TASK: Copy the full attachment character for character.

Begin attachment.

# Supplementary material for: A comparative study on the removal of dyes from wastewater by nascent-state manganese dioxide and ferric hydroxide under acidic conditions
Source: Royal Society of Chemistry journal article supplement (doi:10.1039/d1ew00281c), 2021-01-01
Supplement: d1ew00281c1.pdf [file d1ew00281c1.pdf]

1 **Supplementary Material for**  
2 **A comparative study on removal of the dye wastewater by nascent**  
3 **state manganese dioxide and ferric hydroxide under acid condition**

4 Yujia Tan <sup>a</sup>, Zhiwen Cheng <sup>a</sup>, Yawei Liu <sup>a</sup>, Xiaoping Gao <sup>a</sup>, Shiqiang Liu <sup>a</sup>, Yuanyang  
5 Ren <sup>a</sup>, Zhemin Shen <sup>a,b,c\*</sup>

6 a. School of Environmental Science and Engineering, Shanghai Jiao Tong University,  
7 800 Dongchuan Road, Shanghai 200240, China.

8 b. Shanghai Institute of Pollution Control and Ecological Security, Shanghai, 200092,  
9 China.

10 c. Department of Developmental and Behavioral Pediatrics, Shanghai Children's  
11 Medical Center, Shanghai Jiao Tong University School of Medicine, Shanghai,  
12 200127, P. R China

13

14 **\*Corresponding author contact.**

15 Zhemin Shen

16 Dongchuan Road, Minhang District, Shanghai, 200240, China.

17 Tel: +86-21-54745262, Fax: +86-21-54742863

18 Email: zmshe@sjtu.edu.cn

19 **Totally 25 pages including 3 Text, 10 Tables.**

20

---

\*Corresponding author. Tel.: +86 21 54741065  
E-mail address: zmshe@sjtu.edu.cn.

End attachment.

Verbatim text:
# Supplementary material for: A comparative study on the removal of dyes from wastewater by nascent-state manganese dioxide and ferric hydroxide under acidic conditions
Source: Royal Society of Chemistry journal article supplement (doi:10.1039/d1ew00281c), 2021-01-01
Supplement: d1ew00281c1.pdf [file d1ew00281c1.pdf]

1 **Supplementary Material for**  
2 **A comparative study on removal of the dye wastewater by nascent**  
3 **state manganese dioxide and ferric hydroxide under acid condition**

4 Yujia Tan <sup>a</sup>, Zhiwen Cheng <sup>a</sup>, Yawei Liu <sup>a</sup>, Xiaoping Gao <sup>a</sup>, Shiqiang Liu <sup>a</sup>, Yuanyang  
5 Ren <sup>a</sup>, Zhemin Shen <sup>a,b,c\*</sup>

6 a. School of Environmental Science and Engineering, Shanghai Jiao Tong University,  
7 800 Dongchuan Road, Shanghai 200240, China.

8 b. Shanghai Institute of Pollution Control and Ecological Security, Shanghai, 200092,  
9 China.

10 c. Department of Developmental and Behavioral Pediatrics, Shanghai Children's  
11 Medical Center, Shanghai Jiao Tong University School of Medicine, Shanghai,  
12 200127, P. R China

13

14 **\*Corresponding author contact.**

15 Zhemin Shen

16 Dongchuan Road, Minhang District, Shanghai, 200240, China.

17 Tel: +86-21-54745262, Fax: +86-21-54742863

18 Email: zmshe@sjtu.edu.cn

19 **Totally 25 pages including 3 Text, 10 Tables.**

20

---

\*Corresponding author. Tel.: +86 21 54741065  
E-mail address: zmshe@sjtu.edu.cn.